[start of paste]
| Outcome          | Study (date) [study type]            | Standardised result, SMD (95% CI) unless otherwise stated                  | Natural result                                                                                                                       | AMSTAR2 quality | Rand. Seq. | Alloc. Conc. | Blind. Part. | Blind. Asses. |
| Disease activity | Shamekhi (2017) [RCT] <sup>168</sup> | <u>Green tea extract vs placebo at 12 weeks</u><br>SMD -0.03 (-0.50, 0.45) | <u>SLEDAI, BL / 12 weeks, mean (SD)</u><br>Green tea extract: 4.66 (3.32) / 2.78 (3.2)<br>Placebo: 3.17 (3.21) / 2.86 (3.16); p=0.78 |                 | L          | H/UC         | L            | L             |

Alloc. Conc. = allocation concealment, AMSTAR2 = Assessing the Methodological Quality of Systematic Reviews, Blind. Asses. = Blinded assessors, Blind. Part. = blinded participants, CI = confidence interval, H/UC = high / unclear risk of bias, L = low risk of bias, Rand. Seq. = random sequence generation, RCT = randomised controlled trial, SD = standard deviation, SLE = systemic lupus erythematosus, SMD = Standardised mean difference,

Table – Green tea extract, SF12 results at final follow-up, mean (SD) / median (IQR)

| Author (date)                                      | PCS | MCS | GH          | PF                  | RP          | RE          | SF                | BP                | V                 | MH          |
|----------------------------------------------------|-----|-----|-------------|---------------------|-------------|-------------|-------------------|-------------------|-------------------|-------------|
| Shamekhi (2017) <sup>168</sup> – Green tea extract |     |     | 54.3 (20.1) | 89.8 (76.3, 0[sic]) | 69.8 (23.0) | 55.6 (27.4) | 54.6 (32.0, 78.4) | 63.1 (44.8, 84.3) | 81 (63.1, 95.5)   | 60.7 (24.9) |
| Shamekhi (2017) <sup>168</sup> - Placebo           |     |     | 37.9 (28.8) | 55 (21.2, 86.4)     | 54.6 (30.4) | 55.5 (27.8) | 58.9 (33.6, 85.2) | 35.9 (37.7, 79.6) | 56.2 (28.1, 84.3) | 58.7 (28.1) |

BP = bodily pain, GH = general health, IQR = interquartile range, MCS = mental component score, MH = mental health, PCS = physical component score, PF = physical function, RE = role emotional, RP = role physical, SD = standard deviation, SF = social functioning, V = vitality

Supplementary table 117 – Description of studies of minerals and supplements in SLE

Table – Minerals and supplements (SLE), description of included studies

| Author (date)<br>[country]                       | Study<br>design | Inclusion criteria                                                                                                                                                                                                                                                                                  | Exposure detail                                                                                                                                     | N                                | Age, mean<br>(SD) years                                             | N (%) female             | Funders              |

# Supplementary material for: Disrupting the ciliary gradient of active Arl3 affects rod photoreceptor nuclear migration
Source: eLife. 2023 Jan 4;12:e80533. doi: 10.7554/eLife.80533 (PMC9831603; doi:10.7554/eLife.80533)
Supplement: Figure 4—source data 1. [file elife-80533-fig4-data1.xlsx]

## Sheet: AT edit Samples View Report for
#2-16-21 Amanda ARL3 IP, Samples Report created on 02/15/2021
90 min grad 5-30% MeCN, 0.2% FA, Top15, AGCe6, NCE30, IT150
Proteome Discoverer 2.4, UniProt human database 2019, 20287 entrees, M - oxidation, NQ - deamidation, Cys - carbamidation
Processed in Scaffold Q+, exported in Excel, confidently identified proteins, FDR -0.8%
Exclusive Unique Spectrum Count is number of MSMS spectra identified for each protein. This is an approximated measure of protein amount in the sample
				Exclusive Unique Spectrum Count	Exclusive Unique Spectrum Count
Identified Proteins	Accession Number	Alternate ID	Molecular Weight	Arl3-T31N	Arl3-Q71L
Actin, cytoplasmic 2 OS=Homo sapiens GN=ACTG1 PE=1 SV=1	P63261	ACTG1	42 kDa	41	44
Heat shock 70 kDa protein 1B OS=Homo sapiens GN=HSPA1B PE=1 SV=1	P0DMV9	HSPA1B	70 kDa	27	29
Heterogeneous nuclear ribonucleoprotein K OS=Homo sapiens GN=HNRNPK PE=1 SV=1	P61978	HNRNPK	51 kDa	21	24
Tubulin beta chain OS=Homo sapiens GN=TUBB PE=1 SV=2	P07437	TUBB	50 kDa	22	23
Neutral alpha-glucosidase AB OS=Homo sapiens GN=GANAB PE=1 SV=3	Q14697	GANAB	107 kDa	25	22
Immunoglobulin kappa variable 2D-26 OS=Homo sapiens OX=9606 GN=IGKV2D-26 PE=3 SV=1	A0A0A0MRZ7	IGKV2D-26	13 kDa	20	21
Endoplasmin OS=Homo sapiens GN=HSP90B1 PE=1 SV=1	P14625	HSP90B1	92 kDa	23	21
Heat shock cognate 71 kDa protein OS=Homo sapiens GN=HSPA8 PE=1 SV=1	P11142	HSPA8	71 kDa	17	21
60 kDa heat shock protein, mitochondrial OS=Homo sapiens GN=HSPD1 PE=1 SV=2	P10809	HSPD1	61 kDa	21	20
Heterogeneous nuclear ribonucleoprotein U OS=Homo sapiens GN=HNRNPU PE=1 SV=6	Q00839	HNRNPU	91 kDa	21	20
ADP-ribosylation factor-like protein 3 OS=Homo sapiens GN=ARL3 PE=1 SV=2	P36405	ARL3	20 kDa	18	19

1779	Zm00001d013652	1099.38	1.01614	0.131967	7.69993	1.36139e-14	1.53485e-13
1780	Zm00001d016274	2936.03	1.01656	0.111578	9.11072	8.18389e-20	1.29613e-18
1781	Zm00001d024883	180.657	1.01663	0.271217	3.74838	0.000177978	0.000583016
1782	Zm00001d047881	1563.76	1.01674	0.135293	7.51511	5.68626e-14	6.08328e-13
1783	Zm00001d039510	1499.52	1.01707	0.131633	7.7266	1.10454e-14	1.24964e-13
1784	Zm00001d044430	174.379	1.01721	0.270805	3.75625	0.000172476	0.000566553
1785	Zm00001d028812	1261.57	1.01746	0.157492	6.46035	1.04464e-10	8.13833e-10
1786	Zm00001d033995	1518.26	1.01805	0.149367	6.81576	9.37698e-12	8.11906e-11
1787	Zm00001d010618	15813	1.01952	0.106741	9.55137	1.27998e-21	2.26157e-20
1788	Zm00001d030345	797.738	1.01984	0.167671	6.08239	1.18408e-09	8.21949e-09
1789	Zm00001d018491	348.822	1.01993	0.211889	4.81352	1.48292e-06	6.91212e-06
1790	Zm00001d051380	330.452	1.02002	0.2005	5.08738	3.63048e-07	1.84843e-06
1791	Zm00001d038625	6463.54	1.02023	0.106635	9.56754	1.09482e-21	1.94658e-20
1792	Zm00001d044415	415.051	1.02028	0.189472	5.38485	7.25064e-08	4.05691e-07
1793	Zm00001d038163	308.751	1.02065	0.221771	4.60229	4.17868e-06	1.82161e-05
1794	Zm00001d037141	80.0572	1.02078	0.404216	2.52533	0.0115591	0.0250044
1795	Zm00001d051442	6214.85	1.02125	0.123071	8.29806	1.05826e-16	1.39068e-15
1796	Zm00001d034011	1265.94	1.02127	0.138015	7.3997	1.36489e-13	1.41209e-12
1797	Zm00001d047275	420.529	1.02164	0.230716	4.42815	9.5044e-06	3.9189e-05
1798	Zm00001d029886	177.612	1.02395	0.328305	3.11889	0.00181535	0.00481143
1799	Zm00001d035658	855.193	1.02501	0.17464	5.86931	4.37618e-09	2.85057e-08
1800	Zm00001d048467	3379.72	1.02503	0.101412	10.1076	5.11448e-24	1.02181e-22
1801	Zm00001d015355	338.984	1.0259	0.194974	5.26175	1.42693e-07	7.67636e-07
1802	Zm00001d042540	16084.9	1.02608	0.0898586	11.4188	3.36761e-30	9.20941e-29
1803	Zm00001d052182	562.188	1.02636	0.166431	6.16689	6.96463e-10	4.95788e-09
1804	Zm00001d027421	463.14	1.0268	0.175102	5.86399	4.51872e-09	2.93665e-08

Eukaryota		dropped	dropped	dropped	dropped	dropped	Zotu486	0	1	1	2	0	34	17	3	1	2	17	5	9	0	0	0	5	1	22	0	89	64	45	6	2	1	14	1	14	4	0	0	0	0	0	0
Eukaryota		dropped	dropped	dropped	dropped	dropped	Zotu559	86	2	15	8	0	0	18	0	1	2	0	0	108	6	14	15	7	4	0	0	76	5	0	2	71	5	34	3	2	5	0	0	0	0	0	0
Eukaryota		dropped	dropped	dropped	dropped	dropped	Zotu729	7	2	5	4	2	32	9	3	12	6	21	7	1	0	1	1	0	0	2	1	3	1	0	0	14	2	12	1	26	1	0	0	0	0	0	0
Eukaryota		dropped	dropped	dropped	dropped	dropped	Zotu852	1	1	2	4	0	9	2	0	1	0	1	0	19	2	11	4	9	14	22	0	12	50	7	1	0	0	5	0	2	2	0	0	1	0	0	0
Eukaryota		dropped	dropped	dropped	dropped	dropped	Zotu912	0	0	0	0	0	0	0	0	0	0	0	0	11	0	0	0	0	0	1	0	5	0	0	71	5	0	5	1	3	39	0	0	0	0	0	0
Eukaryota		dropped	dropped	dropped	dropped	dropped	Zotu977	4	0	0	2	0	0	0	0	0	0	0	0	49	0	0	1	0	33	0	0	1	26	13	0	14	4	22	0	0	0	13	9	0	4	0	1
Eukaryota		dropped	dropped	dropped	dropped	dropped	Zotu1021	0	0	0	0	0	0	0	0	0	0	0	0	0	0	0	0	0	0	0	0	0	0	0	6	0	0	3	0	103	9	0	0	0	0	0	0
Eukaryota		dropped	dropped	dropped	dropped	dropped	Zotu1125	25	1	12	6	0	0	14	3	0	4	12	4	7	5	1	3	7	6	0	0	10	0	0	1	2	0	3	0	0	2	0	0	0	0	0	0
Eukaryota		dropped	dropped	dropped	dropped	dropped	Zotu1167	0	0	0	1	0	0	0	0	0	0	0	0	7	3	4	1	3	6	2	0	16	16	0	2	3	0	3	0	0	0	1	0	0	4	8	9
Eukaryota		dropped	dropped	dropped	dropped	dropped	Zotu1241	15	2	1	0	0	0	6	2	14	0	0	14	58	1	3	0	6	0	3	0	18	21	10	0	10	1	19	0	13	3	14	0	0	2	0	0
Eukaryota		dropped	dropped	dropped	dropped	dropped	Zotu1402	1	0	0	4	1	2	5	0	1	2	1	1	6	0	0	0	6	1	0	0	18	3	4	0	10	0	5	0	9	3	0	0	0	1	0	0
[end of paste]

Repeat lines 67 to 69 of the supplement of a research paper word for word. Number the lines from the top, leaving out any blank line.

Eukaryota		dropped	dropped	dropped	dropped	dropped	Zotu1021	0	0	0	0	0	0	0	0	0	0	0	0	0	0	0	0	0	0	0	0	0	0	0	6	0	0	3	0	103	9	0	0	0	0	0	0
Eukaryota		dropped	dropped	dropped	dropped	dropped	Zotu1125	25	1	12	6	0	0	14	3	0	4	12	4	7	5	1	3	7	6	0	0	10	0	0	1	2	0	3	0	0	2	0	0	0	0	0	0
Eukaryota		dropped	dropped	dropped	dropped	dropped	Zotu1167	0	0	0	1	0	0	0	0	0	0	0	0	7	3	4	1	3	6	2	0	16	16	0	2	3	0	3	0	0	0	1	0	0	4	8	9